2017-04-19 14:26

何时真正需要将Go源代码放在$ GOPATH / src中?


Take a look at this shell session, where I build a simple hello world program in Go.

$ cd ~/lab/hello/
$ ls
$ cat hello.go 
package main

import "fmt"

func main() {
    fmt.Printf("hello, world
$ go build
$ ./hello 
hello, world
$ go env
GOGCCFLAGS="-fPIC -m64 -pthread -fmessage-length=0"
$ lsb_release -a
No LSB modules are available.
Distributor ID: Debian
Description:    Debian GNU/Linux 8.7 (jessie)
Release:    8.7
Codename:   jessie

Here is what I don't understand. The tutorial at says that I should place my hello.go file at ~/go/src/hello. But I am not following this. How is my program compiling then? If my program is compiling fine in this manner, why does the documentation say that I should keep my source code at ~/go/src or $GOPATH/src when it does not seem to matter?

Is there a scenario where it is really necessary to place the source code at $GOPATH/src?

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  • dongpo5264 dongpo5264 4年前

    The standard Go tools look in the $GOPATH subdirectories src, pkg, and bin. For example,


    package main
    import (
    func main() {
        t1799, _ := time.Parse("2006-01-02", "1799-01-01")
        for it := currency.Query(currency.Date(t1799)); it.Next(); {
            from := ""
            if t, ok := it.From(); ok {
                from = t.Format("2006-01-01")
            fmt.Printf("%v is used in %v since: %v
    ", it.Unit(), it.Region(), from)


    $ go build currency.go
    currency.go:7:2: cannot find package "" in any of:
        /home/peter/go/src/ (from $GOROOT)
        /home/peter/gopath/src/ (from $GOPATH)

    If we put the missing package in $GOPATH/src, the standard Go tools will find it.

    $ go get
    $ go build currency.go
    $ ./currency
    GBP is used in GB since: 1694-07-07
    GIP is used in GI since: 1713-01-01
    USD is used in US since: 1792-01-01
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  • dphdh395195 dphdh395195 4年前

    You really need to put your code in a GOPATH once you write more than a package main. When you import "", Go will look under your GOPATH for that. Tools like go test also work in terms of packages under GOPATH, not .go files.

    It also becomes the more practical thing to do as soon as your code is in more than one file. It's like the difference between compiling your C program by directly invoking cc/gcc/etc. and using a tool like make.

    If you're starting out and wondering why people want to break up projects into multiple packages in the first place, reasons include:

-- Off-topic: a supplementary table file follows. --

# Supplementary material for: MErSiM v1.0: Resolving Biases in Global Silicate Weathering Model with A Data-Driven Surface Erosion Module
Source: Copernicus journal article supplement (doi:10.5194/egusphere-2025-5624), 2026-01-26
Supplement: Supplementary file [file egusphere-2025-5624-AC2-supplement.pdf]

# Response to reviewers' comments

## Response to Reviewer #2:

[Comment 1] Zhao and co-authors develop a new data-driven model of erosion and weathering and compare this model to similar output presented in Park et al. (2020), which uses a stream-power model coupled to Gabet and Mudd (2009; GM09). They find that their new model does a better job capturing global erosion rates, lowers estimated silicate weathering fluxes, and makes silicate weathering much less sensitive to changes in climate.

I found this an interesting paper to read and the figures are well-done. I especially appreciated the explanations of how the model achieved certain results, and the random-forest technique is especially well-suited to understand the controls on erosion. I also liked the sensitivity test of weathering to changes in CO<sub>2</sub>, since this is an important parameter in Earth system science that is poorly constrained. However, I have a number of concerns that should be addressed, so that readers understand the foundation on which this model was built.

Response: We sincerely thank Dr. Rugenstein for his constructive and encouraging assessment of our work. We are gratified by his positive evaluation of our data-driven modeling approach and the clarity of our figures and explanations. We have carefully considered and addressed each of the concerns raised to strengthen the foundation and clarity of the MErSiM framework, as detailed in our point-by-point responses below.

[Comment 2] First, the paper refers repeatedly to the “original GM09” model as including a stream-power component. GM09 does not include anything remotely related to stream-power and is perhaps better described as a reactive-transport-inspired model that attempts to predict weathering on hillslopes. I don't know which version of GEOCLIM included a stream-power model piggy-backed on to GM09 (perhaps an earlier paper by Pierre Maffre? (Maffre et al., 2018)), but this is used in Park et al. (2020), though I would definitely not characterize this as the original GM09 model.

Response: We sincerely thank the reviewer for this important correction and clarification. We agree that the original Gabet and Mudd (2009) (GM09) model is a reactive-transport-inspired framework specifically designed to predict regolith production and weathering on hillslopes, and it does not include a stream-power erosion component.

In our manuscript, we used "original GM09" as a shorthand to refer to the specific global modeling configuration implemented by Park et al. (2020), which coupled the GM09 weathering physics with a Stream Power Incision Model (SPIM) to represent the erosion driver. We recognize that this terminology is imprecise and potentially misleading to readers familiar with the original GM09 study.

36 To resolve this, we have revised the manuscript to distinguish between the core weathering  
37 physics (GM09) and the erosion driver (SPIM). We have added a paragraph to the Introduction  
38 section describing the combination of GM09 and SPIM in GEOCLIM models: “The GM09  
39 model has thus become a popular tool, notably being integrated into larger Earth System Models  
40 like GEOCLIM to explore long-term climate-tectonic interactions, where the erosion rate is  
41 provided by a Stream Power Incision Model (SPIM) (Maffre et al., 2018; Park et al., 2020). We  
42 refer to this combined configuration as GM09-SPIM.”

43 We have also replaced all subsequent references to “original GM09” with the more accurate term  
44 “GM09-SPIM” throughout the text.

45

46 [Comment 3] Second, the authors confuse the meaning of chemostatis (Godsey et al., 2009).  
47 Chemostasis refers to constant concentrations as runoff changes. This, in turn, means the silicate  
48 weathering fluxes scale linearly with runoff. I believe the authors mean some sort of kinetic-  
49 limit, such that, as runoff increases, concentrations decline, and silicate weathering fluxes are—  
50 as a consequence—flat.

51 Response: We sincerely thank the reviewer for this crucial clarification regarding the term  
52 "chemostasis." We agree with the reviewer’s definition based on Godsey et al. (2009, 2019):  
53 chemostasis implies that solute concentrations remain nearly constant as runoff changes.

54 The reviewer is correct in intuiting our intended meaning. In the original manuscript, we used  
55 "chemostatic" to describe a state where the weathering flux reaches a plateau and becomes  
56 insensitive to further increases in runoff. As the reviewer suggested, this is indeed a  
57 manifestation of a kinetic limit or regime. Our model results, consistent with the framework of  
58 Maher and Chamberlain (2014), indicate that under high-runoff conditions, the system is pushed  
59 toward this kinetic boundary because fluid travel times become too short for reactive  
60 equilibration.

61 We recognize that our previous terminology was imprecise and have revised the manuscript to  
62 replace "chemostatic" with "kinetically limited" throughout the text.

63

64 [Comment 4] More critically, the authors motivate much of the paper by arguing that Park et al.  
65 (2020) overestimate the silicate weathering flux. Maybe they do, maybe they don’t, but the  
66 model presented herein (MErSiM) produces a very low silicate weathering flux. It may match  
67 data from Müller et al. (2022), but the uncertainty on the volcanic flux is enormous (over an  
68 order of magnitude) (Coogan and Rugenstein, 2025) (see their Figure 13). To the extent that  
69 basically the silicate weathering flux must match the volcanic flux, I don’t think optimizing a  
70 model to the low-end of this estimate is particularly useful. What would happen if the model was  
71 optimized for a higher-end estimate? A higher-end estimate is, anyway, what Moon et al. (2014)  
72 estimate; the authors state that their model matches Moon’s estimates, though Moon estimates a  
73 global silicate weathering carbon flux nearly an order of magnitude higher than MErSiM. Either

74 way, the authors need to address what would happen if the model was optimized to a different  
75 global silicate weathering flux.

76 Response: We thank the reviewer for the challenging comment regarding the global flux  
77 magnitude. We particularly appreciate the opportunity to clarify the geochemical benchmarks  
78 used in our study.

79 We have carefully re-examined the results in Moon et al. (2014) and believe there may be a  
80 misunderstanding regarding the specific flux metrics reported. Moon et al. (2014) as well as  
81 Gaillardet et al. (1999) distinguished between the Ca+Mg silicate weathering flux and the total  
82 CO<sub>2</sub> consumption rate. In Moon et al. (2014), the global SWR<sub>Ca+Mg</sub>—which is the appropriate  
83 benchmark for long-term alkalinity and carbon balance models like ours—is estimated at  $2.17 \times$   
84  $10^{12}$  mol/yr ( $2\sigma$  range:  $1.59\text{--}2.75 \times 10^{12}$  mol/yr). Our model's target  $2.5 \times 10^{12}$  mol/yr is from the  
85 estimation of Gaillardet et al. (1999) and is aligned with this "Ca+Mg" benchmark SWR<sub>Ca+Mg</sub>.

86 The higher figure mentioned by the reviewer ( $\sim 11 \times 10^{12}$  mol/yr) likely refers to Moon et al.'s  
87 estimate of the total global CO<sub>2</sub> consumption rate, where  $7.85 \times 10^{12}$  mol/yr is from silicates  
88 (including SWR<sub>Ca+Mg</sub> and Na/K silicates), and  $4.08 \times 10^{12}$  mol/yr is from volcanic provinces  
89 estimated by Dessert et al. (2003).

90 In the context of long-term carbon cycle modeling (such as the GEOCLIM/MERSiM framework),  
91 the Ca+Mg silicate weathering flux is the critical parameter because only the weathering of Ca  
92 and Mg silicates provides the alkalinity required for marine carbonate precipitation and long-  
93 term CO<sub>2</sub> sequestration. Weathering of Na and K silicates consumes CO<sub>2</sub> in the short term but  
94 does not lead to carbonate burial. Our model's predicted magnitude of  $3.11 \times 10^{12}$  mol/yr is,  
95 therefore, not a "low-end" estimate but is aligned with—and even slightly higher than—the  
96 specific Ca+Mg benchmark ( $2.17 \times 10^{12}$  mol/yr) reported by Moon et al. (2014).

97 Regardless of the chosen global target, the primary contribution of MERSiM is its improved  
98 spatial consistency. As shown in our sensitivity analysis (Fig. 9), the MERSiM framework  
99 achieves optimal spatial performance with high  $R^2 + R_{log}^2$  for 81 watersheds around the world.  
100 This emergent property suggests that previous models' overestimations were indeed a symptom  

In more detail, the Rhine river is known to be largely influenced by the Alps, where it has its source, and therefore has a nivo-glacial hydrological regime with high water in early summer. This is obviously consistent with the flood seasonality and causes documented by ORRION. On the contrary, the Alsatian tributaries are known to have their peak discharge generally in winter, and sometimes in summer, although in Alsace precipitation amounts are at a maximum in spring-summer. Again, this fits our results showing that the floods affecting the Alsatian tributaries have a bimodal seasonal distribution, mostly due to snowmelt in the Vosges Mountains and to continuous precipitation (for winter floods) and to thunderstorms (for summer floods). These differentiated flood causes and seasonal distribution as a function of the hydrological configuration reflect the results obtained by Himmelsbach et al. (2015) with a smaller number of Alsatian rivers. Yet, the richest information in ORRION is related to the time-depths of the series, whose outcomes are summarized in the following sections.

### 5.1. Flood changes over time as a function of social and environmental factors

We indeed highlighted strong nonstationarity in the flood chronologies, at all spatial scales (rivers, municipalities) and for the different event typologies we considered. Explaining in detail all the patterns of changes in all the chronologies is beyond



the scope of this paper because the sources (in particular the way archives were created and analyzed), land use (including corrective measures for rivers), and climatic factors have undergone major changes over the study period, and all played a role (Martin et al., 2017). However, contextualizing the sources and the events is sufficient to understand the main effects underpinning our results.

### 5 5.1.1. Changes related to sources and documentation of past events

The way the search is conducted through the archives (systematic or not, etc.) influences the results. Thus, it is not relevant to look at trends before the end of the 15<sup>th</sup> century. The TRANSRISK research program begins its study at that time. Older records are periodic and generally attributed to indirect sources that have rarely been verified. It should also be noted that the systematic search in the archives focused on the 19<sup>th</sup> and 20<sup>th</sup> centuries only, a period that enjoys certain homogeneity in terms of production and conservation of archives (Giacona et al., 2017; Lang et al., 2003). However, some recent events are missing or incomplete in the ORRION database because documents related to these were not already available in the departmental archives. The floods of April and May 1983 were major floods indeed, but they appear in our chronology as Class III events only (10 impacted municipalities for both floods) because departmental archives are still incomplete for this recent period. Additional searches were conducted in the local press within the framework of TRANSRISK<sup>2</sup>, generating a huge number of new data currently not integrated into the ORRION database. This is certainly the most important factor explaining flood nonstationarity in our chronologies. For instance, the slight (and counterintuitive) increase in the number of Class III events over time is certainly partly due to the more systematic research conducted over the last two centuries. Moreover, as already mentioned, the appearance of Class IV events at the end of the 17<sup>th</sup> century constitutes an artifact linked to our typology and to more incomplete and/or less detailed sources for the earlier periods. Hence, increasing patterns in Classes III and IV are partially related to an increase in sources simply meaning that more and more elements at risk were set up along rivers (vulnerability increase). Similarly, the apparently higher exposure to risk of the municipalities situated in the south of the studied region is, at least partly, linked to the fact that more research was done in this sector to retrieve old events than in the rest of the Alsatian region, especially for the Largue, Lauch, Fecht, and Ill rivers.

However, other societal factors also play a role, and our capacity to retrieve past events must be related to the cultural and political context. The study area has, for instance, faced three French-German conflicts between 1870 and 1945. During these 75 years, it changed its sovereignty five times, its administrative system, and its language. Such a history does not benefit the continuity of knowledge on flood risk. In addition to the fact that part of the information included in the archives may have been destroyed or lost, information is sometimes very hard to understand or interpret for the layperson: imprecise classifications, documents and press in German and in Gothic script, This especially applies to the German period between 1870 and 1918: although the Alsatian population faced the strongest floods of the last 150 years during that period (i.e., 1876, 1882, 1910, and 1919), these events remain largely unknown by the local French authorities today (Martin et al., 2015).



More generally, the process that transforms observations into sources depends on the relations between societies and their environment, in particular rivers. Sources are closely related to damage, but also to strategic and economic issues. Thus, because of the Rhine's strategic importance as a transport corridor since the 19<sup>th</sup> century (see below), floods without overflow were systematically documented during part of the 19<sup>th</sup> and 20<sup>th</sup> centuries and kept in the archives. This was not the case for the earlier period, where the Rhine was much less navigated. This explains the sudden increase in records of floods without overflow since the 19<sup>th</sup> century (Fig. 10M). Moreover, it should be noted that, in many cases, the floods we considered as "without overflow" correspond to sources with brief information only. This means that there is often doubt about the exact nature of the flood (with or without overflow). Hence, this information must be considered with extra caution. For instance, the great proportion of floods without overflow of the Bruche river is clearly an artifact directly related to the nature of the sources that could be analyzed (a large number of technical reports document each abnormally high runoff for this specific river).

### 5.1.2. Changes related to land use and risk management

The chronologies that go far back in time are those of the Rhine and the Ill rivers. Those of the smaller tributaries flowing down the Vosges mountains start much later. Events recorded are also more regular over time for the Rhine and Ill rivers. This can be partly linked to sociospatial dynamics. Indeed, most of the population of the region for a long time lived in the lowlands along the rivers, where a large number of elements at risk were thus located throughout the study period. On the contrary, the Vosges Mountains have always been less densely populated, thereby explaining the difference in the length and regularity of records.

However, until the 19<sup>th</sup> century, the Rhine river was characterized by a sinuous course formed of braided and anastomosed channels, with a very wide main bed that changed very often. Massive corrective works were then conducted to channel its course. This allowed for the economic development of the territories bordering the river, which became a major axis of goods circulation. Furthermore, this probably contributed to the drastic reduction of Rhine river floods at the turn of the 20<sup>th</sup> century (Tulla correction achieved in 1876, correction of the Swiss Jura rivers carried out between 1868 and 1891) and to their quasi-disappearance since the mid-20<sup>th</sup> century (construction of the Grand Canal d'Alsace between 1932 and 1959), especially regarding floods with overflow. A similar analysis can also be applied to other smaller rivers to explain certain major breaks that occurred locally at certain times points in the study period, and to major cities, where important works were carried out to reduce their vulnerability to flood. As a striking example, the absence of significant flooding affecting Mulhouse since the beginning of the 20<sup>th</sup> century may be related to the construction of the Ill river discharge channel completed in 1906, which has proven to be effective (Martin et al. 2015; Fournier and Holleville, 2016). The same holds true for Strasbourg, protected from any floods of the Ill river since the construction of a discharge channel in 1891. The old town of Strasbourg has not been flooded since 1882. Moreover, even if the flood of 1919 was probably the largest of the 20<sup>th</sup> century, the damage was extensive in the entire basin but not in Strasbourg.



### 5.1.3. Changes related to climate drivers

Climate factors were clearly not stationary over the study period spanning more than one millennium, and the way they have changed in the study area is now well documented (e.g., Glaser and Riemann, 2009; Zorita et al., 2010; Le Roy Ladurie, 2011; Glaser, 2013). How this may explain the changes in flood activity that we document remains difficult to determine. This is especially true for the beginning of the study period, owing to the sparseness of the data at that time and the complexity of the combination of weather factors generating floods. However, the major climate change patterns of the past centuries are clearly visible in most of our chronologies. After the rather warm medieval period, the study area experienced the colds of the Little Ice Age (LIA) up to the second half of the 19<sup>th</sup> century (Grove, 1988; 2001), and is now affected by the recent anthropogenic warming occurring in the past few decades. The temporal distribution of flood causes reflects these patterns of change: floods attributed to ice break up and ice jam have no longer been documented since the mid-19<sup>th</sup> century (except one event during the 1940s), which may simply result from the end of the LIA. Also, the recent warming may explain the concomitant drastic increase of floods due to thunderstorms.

• Projects grow, and by 10K or 100K lines you really need to organize.
    • Projects often turn out to contain reusable tools, and packages let other projects import them separately.
    • Packages let you track and control what code has access to what other code and variables. For instance, private names in one package aren't accessible for other packages, so you know you can mess around with that private stuff without breaking code outside the package, and you know that no code outside is futzing with private fields/variables or calling private code behind your back.
    • Packages minimize namespace collisions, i.e., you can have gzip.Reader and io.Reader. If you choose your names right, packagename.ThingName can make code read naturally.
    • Packages can be recompiled, tested, etc. individually, which keeps your edit/build/test cycle faster.
    • In Go specifically, packages enforce some other things about your code organization, like no cyclic dependencies (if A imports B, B doesn't directly or indirectly import A) and that packages under /foo/internal/ only get used by packages under /foo/. Constraints like these can help keep a big project from ending up like tangled spaghetti.

    There are other benefits but those should help show why it's worth getting in the habit. It's fine to just charge forward writing things in a big package for a little bit and start breaking up files moving some types, functions, etc. out into other packages as needed; the 'natural' boundaries will start to make more sense over time.

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  • dongshu7162 dongshu7162 4年前

    As JimB says in his comment, the Go documentation makes this clear; basically, the GOPATH is workspace which allows you to keep all your project files and imports and artifacts in one location.

    For a simple project it's not strictly necessary, but when you begin importing dependencies and want to manage libraries it becomes more helpful.

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